“My father was excited for me to explore my own thing. My mother was confused because I was always so sciencey—all throughout high school,” he says. “All my AP classes were in science.

“It was very new to me to go into a history class. I came here because I know it’s a strong science school,” Kortepeter says, “and then ended up studying something totally different.”

He says his two majors complement each other. “Usually with computer science I’ll do my projects, but I don’t really get to apply it. Like, I can only make Tetris so many times,” he says with a laugh.

“With this, I really get to be on both sides of the project: I get to do the history things and work with the letters, but then as a computer science student, I am also working on the website and the database—helping with everything, really,” he explains.

“It was the perfect project for me.”

Hack to the Future: Rochester’s First 24-hour Hackathon

It’s a race against the clock as the hackathon participants complete as much coding and rapid prototyping as possible in 24 hours. (Photo by Jack Valinsky ’15)

By Sofia Tokar
University Communications

Computer programming is often a solitary endeavor. But humans are inherently social creatures.

So how do you engage a group of programmers in a way that’s fun and productive?

Answer: a hackathon.

Like book clubs for readers, hackathons regularly bring together computer programmers, coders, and developers with a shared love for building better software (and occasionally hardware) tools for themselves and others. Hackathons can last anywhere from a few hours to several days, and they often have an educational, social, or philanthropic bent.

In the last couple of years, Rochester’s computer science students have led the hacking movement at the University.

A brief history of the hack pack

Although the term “hacker” has negative connotations, groups like RocHack reclaim the term to mean builders and creators.

two students with laptops helping each other out

Bring your own laptop. The hackathon was held in Rettner Hall, with the first floor reserved for the hackers. (Photo by Jack Valinsky ’15)

Founded in September 2012, RocHack bills itself as “a group of hackers, engineers, builders, and friendly people who attend the University of Rochester.” Several Rochester students formed RocHack as a subset of the Computer Science Undergraduate Council (CSUG), a campus student organization.

In December 2013, the group hosted its first hackathon, an eight-hour event with the theme “Make UR Better.” The results included projects such as UR Bus Schedules (an easy way to access the campus bus schedules), Skedge (an alternative course scheduling system for the University), and Cluster Navigator (a visual tool to explore the Rochester curriculum as a graph of courses and clusters).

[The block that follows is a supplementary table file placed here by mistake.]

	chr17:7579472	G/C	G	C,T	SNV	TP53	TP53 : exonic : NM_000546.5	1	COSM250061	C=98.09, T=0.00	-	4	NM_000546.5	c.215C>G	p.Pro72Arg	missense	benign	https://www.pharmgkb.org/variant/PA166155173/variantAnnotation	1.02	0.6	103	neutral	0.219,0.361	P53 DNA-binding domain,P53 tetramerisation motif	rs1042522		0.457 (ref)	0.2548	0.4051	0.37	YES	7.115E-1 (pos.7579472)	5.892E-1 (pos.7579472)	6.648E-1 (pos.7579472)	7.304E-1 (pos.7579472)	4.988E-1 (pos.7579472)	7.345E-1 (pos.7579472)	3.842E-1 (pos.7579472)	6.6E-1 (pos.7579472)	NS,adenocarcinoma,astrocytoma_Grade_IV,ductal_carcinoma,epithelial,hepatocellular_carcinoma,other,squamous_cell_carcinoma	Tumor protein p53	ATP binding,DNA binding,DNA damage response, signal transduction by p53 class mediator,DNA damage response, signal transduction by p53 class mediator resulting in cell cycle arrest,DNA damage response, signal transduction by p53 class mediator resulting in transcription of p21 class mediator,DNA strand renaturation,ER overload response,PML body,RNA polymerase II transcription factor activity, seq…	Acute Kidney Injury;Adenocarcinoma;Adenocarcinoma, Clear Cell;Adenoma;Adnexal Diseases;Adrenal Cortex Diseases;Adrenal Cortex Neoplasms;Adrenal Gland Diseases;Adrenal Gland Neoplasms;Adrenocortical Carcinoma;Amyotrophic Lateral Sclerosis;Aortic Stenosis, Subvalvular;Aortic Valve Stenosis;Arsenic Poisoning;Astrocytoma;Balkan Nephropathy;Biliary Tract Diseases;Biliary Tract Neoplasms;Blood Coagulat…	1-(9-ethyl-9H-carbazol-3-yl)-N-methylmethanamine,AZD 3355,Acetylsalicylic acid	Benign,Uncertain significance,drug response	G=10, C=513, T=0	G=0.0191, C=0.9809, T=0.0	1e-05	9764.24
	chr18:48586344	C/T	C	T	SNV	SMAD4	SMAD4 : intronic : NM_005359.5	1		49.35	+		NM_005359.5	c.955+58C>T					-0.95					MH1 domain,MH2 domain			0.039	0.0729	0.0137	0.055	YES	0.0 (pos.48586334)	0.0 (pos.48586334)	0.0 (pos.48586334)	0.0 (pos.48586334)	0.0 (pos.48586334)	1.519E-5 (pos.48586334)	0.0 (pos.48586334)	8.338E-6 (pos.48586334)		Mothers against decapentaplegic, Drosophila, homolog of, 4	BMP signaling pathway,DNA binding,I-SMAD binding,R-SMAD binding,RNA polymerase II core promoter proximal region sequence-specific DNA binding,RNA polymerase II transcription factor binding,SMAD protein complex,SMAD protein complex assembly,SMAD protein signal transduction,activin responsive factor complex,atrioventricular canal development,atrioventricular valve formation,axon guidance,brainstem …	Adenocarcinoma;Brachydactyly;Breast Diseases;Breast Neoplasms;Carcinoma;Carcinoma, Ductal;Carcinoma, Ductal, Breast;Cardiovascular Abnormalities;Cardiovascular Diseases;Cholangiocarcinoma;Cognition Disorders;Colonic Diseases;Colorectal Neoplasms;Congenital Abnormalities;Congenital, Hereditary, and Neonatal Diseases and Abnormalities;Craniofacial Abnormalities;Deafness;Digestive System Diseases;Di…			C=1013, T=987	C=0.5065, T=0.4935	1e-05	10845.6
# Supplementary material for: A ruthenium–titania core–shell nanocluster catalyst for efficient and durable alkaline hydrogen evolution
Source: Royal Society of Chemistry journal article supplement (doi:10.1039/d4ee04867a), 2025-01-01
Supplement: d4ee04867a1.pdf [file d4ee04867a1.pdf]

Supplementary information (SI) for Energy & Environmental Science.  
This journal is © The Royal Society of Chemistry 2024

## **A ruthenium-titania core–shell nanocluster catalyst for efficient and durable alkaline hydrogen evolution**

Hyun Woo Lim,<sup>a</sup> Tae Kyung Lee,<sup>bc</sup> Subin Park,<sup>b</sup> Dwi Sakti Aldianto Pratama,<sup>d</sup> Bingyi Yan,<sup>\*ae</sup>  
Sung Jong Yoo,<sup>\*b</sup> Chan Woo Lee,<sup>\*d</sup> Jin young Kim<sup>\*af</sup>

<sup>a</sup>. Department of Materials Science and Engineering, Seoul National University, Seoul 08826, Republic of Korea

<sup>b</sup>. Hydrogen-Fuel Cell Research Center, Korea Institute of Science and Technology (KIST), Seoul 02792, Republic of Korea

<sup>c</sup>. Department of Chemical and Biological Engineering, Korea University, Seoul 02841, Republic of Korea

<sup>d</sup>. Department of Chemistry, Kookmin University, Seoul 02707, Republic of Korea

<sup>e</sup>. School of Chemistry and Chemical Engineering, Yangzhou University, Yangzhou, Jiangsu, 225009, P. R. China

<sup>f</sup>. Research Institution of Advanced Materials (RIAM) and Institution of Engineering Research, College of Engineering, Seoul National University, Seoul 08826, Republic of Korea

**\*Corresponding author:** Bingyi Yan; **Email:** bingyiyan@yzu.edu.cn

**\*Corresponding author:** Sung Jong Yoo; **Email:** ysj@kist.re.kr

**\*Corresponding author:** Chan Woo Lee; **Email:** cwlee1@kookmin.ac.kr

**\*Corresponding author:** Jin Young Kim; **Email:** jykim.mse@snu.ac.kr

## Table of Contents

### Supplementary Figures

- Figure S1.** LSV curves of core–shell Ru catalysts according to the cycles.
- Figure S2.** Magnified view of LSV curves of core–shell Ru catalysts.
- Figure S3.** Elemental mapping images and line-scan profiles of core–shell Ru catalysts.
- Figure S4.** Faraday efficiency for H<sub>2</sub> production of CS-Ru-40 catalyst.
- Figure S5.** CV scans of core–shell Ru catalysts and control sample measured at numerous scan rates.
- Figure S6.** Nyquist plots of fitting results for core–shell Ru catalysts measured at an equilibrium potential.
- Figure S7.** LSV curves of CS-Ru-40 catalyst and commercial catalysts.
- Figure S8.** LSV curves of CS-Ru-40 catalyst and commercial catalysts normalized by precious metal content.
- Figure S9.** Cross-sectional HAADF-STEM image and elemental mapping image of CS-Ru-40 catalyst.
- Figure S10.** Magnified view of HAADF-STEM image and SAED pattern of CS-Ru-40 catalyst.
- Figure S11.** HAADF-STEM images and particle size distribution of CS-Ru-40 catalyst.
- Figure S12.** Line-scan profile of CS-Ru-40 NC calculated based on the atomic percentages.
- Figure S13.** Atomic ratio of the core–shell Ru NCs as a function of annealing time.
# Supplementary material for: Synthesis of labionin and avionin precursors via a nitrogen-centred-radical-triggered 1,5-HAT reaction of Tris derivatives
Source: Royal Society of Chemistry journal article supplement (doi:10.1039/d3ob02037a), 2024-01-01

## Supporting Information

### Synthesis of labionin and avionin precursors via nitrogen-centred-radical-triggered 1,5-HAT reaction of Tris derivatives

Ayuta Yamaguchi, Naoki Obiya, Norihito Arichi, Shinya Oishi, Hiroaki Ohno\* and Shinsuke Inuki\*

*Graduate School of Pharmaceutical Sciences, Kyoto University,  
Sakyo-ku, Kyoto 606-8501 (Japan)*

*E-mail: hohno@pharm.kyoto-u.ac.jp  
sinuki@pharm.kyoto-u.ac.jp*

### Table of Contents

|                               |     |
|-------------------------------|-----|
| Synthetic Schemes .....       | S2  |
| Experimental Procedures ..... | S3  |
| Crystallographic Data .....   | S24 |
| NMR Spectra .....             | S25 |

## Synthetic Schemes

With the success of December’s event, the group decided it was time to hack things up a notch.

Spring into hacking action

On April 12 and 13, Rettner Hall hosted its first-ever daylong hacking gathering: the Spring 2014 RocHack Hackathon.

Computer science majors and CSUG members Steve Gattuso ’16 and Dan Hassin ’16 organized the event featuring half a dozen corporate sponsors (including Google) and more than 60 participants.

The goal? Come to the hackathon with an idea, work on it for 24 hours, complete as much coding and rapid prototyping as possible, then present the work—and potentially win prizes. Sleep is optional.

“You can bond with other people who love to build things,” says Gattuso. “It’s also a great way to learn how to code. We have a lot of experienced people who are happy to teach others.”

group of student laughing and taking around a table filled with laptops and other computer equipment

Steve Gattuso ’16 (center, plaid shirt) checks in with some of the hackers on day one. (Photo by Jack Valinsky ’15)

Participants brought their own laptops, but Gattuso and Hassin supplied plenty of workspace and food for the coders. “We wanted to encourage electrical engineers to attend, so we provided materials for hardware hacking as well,” explains Gattuso.

At 2 p.m. on Saturday, the hacking commenced.

Show and tell

After 24 hours of brainstorming, prototyping, coding, and testing, the participants presented their work.

The projects ranged from the practical to the elaborate. These included an application that generates customizable complaint emails based on how angry you are; a Reddit notification app for Chrome; a life-size interactive musical and visual tone matrix; a homemade operating system; and a distributed IRC system.

Demonstrating impressive technical know-how, these latter two projects tied for first place.

Next steps for RocHack

Gattuso and Hassin plan to hold another RocHack Hackathon next spring, and are considering making the event a semi-annual one.

“Most of the hackers this year were Rochester students,” says Hassin. “But with some more advertising and promotion, we hope to increase participation from area colleges and universities. We also want to encourage more people who are new to computer science to attend.”

As Gattuso and Hassin say, all you need is the desire to build.

student sleeping face down on the lawn